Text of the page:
A recent South Australian Supreme Court decision – Nanosecond Corporation v Glen Carron (2018) has clarified the critical aspects of the Surveillance Devices Act 2016 as to the use of secret recordings of private conversations in civil litigation.
In Nanosecond, a plaintiff had used his mobile phones to record 20 conversations with various persons in the employ of or related to the defendant. The plaintiffs wanted to use these recordings at Trial to assist their case; the defendants objected to their admission in evidence.
The Act relevantly provides that a person cannot use a listening device (including a mobile phone) to record a private conversation, unless the key parties to that conversation agree, or unless the use of the device is reasonably necessary to protect the lawful interests of the person recording the conversation. The Court in Nanosecond discussed the meanings of “private conversation” and “lawful interests.”
A Private Conversation
A telephone call from one friend to another is, generally, a private conversation. A telephone call by a person to talkback radio for an on-air discussion is not. Naturally, the distinction is not always so easy to draw.
In Nanosecond Justice Doyle observed that the conversation did not have to be confidential in order to be private, but if it is reasonable to suppose that the participants to the conversation, or at least some of them, did not intend it to be public, then the conversation will likely be a private one.
Content and form are important. For example, Joe sits in the waiting room at his doctor’s office, with other patients, discussing the poor season of the Crows and the Power. It is obvious that others can hear, and that some are listening, even if they do not actively participate. That is not a private conversation. Joe then goes into the surgery and tells his doctor about his plumbing problems. That is a private conversation.
Joe has a problem with his plumber (as well as his plumbing) and has a quarrel on the phone about the bill. Before calling the plumber, he activates the ‘record’ facility on his mobile phone, and complains about the quality of the work, the quote, and the service – all ‘down on tape’. Joe thinks it might be useful to capture some evidence of any admissions the plumber might make, but he does not say he is recording the conversation. Is it a reasonable action necessary to protect his lawful interests?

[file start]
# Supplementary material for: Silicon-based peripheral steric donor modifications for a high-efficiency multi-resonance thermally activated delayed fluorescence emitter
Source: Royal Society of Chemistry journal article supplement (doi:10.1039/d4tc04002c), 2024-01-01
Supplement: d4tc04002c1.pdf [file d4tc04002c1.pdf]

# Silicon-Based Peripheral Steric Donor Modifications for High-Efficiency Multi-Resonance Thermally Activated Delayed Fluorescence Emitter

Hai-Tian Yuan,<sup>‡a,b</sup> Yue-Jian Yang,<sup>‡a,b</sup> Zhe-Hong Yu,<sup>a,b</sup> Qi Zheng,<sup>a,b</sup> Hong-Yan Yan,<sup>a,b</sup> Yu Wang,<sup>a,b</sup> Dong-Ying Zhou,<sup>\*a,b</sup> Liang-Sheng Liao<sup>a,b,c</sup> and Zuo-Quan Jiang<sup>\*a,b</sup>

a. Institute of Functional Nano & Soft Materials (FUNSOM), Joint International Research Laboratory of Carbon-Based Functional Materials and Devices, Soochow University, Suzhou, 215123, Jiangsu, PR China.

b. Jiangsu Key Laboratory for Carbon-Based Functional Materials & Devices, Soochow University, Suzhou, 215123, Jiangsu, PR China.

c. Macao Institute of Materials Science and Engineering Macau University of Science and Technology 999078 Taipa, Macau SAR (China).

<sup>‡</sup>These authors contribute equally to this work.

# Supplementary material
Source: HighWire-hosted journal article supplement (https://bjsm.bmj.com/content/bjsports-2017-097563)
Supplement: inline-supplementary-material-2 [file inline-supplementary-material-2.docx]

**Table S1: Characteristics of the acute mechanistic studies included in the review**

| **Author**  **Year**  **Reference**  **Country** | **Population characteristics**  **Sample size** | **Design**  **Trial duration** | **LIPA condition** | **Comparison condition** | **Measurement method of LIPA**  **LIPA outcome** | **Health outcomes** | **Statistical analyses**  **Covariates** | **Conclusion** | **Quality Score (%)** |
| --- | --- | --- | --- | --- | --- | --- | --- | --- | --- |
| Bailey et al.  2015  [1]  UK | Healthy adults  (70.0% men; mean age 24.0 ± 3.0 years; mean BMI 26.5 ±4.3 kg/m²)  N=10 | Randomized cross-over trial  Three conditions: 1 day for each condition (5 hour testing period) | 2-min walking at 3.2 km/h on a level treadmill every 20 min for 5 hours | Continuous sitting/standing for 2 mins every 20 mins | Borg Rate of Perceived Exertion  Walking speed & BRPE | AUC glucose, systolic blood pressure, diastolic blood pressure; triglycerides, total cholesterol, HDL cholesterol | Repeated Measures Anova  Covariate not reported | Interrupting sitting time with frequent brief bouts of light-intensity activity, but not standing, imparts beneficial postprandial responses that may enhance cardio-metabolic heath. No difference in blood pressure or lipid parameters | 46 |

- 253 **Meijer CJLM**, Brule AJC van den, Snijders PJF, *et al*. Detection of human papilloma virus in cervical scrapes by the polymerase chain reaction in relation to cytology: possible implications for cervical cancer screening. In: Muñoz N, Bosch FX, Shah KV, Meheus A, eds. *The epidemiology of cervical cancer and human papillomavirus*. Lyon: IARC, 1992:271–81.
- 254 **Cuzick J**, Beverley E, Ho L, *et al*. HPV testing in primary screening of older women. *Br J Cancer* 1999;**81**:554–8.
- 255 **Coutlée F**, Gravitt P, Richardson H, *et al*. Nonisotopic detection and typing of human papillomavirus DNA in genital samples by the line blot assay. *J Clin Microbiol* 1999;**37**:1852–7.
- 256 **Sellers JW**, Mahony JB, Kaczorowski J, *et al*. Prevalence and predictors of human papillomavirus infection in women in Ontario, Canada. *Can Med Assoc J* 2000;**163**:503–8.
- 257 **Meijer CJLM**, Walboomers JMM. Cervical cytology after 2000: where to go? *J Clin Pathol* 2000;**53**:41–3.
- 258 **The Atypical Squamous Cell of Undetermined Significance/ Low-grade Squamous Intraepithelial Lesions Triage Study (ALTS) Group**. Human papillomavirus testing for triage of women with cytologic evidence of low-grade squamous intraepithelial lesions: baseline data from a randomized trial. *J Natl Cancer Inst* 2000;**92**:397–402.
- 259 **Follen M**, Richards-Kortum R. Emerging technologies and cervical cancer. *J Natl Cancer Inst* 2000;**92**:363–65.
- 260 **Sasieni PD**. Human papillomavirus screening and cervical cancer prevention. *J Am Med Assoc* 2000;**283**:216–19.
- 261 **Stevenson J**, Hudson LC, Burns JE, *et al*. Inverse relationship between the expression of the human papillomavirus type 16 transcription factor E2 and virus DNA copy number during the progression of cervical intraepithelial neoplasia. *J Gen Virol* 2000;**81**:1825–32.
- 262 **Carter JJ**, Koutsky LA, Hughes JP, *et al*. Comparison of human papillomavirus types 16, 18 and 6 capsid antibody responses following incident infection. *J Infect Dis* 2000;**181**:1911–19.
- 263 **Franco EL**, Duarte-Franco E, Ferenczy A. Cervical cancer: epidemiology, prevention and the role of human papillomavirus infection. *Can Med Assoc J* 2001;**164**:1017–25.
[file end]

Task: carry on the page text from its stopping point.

No: whilst each case turns on its own facts, Nanosecond emphasised that taping a conversation, just to have a reliable record of it or for possible use in the future, wasn’t reasonable protection of lawful interests. If commercial interests, including litigation, are threatened and the taping is more than mere evidence-gathering, this might change things, and if the conversation touches on matters of a criminal nature, it will change things (such as the case where a child taped the conversation of its abuser). But the main policy of the statute is to ensure private conversations remain private.
Secret Recordings of Private Conversations Not Recommended
We strongly recommend against the secret recordings of private conversations (without the consent of all present) in all but extreme situations. Courts traditionally look on unauthorised recordings with some suspicion. It looks bad. It is not what most reasonable people would do. It can amount to a criminal offence, and in any event, use of the recordings will usually be excluded.
Recent SA Case Law on Secret Recordings of Private Conversations (Updated September 2019)
In a recent South Australian District Court decision (Ploubidis v Carling 14 October 2019 SADC) a lawful interest to record was recognised where a crime (e.g., threat to kill) or apprehension of a possible crime (feared domestic violence) might be involved, and the Court reiterated the principle that taping a private conversation to gain advantage in legal proceedings would not ordinarily amount to a lawful interest. Whilst apprehension or fear of violence may have been been enough to defend a charge of unlawful recording, as in the public interest, the recordings in this case were not being offered as evidence of this, but a collateral issue – so the Court refused to admit the tapes in evidence.
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